Fighting verbally is an integral part of any relationship. Put at least two people together in the same place for a long period of time, and they’ll fight eventually.
If someone tells you that they “never” fight with their partner—especially with a big Stepford wife smile—mark my words, they are hiding something big and oppressive underneath. “Rarely” fighting can happen, but “never” just doesn’t exist.
Why? Because relationships are crossroads of “our” needs and “their” needs, “his” needs and “her” needs, “my” needs and “your” needs. Too many needs with not enough space for all of them at the same time breeds tension and, if not dealt with, eventual fighting.
My family can illustrate this well. When our families get together over the holidays, we have the “three-day fish phenomenon”: after three days, fish starts to smell. After about three days of being together, someone will get irritated with someone else. That’s when we all look at each other and say, “The fish is starting to smell.” It’s time to separate. We work at a conclusion about the conflict, even if it means we agree to disagree, put the situation behind us as best as possible, and go home.
There’s nothing wrong with this, by the way. We love each other very well because we understand how we work and function, and especially that we’re not going to agree on everything. Family therapists call this understanding the difference between “being right” and “having a relationship.”
Sometimes, you have to ask yourself if it is more important to be right, or to have a relationship.
For example, you could continue getting angry at your partner for not saying the right thing, at the right time, to make you feel better at that particular moment (being right)—or you can understand that perhaps your partner has no idea how to do what you expect them to do, and you have to teach them. The latter is calling “having a relationship.” It requires you to open up and tell your partner what you needs. Your partner, in turn, is responsible for working on understanding this need in the relationship.
This comes up in many relationships, but more commonly for newer couples who have passed the “honeymoon” phase and entered the “work” phase of the relationship. Let me demonstrate with a fictional situation, derived from general couples issues that come up with my clients.
Ms. A and Mr. B have been in a relationship for one year. Ms. A keeps getting angry at her partner, Mr. B, because she feels that he doesn’t do much in the house while she does everything. Ms. A then becomes riled up every time she feels she is doing more than Mr. B. For instance, Ms. A feels like she always has to initiate dates because, if left to Mr. B, they’ll never have them. Ms. A feels resentful in both planning dates and waiting on Mr. B. She says things to Mr. B like, “You don’t care. It’s always on me. You never do anything for us!”
In couples counseling, Ms. A learns to speak from her heart, beginning sentences with “I.” This, in turn, makes Mr. B respond directly to her.
Ms. A: “I feel overwhelmed and frustrated. I feel like I’m doing a lot in this relationship. I feel alone and hurt because of this.”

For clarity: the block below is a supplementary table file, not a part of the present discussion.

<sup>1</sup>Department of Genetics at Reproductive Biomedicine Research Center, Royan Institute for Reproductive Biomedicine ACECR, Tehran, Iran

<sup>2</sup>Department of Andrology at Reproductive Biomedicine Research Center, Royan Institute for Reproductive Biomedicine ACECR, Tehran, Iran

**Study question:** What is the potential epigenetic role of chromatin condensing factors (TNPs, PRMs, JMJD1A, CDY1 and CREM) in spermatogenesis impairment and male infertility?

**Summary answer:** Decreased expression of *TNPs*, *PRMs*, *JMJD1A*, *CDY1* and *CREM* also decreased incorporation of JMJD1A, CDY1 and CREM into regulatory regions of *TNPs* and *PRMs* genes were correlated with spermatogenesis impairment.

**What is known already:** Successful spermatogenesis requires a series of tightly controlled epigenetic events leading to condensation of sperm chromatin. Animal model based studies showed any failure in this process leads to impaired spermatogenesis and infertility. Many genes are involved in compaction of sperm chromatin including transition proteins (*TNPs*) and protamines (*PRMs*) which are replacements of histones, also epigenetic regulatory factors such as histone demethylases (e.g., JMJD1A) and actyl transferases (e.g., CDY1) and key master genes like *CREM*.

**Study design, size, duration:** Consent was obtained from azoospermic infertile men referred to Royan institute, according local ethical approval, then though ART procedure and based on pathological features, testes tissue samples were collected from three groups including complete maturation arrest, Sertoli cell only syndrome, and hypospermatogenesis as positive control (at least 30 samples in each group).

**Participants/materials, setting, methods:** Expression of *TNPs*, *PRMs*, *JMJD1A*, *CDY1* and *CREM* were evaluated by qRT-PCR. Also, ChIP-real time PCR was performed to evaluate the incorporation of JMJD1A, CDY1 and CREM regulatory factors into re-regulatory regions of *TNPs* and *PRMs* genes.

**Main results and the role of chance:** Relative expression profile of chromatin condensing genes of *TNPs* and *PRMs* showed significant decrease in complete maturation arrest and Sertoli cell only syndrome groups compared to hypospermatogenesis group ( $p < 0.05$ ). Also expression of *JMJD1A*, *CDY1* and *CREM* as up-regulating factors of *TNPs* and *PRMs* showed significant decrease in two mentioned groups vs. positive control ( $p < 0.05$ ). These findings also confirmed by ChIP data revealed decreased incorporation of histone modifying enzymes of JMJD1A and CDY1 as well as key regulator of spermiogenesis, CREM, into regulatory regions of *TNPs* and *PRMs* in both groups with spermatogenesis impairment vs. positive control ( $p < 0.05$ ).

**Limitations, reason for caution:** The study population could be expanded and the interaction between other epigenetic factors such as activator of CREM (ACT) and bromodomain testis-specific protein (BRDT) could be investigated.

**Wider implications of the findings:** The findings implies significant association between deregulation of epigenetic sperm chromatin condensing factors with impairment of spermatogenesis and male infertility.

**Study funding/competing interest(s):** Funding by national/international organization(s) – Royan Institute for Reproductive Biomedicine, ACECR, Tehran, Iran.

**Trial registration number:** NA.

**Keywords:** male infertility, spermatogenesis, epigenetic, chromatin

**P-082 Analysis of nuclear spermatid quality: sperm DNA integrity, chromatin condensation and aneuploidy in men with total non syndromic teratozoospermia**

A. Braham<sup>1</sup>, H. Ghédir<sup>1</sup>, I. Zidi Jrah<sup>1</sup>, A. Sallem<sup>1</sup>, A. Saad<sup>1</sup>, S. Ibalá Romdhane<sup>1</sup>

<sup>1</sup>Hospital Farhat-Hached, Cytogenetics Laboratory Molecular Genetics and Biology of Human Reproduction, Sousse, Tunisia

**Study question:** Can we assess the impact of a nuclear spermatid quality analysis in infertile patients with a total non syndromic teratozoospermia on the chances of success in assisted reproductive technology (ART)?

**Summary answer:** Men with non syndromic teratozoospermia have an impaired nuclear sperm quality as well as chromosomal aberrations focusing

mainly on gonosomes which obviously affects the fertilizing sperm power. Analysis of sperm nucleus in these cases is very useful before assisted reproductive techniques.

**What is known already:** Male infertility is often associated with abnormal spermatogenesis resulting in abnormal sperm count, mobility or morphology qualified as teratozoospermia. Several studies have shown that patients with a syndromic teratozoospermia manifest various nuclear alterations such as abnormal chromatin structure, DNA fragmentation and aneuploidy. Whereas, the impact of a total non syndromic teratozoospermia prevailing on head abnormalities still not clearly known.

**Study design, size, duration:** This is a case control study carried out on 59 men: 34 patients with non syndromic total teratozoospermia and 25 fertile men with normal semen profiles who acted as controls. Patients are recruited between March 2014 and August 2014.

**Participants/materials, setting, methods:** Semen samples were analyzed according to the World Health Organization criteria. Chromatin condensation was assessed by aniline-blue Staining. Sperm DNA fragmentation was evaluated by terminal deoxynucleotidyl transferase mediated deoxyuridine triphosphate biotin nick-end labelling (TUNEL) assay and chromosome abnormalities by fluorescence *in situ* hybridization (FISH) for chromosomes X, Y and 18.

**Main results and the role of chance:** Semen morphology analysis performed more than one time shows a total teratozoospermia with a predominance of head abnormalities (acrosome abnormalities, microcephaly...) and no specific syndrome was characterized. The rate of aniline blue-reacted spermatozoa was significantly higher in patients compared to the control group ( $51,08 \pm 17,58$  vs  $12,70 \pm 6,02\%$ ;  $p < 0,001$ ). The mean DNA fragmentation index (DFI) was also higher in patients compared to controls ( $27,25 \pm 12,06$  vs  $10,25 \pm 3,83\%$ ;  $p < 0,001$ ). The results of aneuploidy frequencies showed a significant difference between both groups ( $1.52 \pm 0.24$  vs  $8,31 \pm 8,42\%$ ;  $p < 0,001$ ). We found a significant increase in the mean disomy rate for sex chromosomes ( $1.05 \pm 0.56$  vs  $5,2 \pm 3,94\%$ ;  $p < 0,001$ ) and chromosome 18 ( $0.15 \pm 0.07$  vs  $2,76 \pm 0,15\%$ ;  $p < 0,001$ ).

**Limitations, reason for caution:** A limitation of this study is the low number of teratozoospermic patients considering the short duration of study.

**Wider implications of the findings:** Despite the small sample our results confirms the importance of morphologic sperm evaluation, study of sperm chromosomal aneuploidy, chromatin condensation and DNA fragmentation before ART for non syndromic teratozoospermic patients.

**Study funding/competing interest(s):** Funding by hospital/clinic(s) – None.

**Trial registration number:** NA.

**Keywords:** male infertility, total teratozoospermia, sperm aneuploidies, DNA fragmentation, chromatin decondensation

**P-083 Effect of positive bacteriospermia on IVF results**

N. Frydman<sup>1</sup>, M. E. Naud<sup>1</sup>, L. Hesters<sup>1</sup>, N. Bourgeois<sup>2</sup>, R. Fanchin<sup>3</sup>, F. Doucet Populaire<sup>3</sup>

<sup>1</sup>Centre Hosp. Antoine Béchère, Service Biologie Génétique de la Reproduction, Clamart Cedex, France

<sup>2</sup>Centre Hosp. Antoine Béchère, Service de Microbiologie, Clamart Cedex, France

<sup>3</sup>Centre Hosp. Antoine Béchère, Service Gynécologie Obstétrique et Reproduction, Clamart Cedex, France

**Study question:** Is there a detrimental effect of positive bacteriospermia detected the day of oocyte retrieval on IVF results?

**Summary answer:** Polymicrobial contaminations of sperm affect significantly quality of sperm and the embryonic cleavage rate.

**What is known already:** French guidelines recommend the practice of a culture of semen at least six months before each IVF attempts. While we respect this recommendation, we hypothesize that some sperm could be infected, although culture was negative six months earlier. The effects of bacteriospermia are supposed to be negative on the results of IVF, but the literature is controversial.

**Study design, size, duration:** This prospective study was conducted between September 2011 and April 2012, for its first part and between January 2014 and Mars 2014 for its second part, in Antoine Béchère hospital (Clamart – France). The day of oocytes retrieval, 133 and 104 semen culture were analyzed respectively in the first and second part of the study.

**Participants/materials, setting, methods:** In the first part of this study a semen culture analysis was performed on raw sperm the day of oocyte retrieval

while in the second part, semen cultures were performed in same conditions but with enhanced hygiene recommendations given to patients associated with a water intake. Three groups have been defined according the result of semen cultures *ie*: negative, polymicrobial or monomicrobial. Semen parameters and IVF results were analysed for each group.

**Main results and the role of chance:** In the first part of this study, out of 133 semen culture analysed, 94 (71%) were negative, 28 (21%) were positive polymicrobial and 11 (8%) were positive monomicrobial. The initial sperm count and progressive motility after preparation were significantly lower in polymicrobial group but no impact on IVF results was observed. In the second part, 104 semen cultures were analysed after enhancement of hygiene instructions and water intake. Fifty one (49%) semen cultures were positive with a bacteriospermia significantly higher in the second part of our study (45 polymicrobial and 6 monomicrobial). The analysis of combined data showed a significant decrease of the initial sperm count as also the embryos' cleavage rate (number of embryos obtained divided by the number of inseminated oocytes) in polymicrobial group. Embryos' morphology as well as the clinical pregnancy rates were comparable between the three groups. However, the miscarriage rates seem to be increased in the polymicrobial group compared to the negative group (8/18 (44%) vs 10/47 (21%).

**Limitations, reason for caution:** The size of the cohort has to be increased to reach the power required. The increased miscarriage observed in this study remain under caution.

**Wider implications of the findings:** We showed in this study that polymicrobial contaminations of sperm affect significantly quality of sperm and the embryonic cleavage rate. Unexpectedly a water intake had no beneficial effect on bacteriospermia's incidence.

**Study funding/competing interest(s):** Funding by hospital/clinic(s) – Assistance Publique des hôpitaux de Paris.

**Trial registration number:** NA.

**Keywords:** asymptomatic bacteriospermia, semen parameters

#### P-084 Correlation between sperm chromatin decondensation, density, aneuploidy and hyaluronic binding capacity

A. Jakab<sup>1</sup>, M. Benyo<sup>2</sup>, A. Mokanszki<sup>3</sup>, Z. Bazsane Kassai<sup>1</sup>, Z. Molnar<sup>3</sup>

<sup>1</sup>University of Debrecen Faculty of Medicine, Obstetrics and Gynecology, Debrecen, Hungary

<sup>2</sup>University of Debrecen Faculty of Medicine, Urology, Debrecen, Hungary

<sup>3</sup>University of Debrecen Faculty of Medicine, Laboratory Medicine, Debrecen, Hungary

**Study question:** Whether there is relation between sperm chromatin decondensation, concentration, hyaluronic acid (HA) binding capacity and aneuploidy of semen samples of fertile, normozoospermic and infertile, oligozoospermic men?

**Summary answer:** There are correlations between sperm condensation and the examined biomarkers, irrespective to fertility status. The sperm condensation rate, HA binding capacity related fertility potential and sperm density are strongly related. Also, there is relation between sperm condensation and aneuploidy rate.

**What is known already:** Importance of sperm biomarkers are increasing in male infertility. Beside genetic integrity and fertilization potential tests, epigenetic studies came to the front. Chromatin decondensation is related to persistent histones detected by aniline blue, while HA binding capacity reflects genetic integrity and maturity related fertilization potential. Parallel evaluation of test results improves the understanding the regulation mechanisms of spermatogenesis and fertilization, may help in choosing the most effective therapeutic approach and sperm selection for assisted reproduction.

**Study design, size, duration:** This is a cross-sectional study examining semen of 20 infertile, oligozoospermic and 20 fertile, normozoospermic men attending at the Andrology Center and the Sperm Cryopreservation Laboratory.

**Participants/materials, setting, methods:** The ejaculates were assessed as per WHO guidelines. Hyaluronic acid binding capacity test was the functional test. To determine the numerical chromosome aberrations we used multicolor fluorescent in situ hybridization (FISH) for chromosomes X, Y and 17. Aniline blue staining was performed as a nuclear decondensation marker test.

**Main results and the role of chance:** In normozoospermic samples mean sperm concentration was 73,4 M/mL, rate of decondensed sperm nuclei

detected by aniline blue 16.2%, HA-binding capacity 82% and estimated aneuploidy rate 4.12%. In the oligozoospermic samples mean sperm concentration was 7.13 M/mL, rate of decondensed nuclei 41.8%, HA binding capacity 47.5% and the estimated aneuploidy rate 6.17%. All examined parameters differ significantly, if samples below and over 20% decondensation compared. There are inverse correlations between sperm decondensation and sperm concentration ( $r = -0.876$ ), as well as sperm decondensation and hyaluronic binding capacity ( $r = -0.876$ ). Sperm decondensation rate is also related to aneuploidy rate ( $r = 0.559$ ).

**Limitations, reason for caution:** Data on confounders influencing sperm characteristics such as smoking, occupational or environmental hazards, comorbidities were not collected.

(Mr. B is forced to respond to his partner’s personal feelings and needs.)
Mr. B: “I’m sorry. It’s not my intention to hurt you or make you feel alone. I guess because you never say anything, I assume that you don’t need help, or you’re fine with the way things are.”
(Ms. A is forced to respond to Mr. B’s lack of knowing, trusting that he didn’t mean any harm.)
Ms. A: “Well, I take responsibility for that. I’ll tell you if it’s bothering me in the future, but I also need to you to share the responsibilities, too. Like, if I cook, I think it’s only fair if you do the dishes. Is that okay?”
(Now Ms. A and Mr. B are negotiating elements of their relationship.)
Mr. B: “Sure. That’s fair. I’m okay with that. Anything else?”
Ms. A: “I would really like it if we could go on a date once a month, and I don’t have to plan it by myself.”
Mr. B: “I’m not great at remembering to do that. I’m just not a spontaneous guy. But, if it’s always on the calendar, it’s a lot easier for me to remember. How about we go on a date every first Saturday of the month? Then we know it’s coming and can plan it together?”
Ms. A: “Yeah, that works. I’m up for that.”
Mr. B: “Cool.”
Granted, this example makes it look easy. In reality, it takes a great deal of compromise between the two parties to make certain elements and needs work in their relationship. Ms. A and Mr. B stopped the cycle of “being right” and moved into “being in a relationship” by working at it: speaking from the heart (beginning sentences with “I”), listening and reflecting understanding, ending with negotiating elements of the relationship, and trusting in their genuine care and love for one another. The process brought them through a tough spot and into a deeper understanding.
Relationships are both tough and wonderful. Some times it takes grunt work, but if both parties are up to it, it can be a truly rewarding experience.
© Copyright 2010 by Laura Hahn-Segundo Collins, LCSW, therapist in New York City, New York. All Rights Reserved. Permission to publish granted to GoodTherapy.org.
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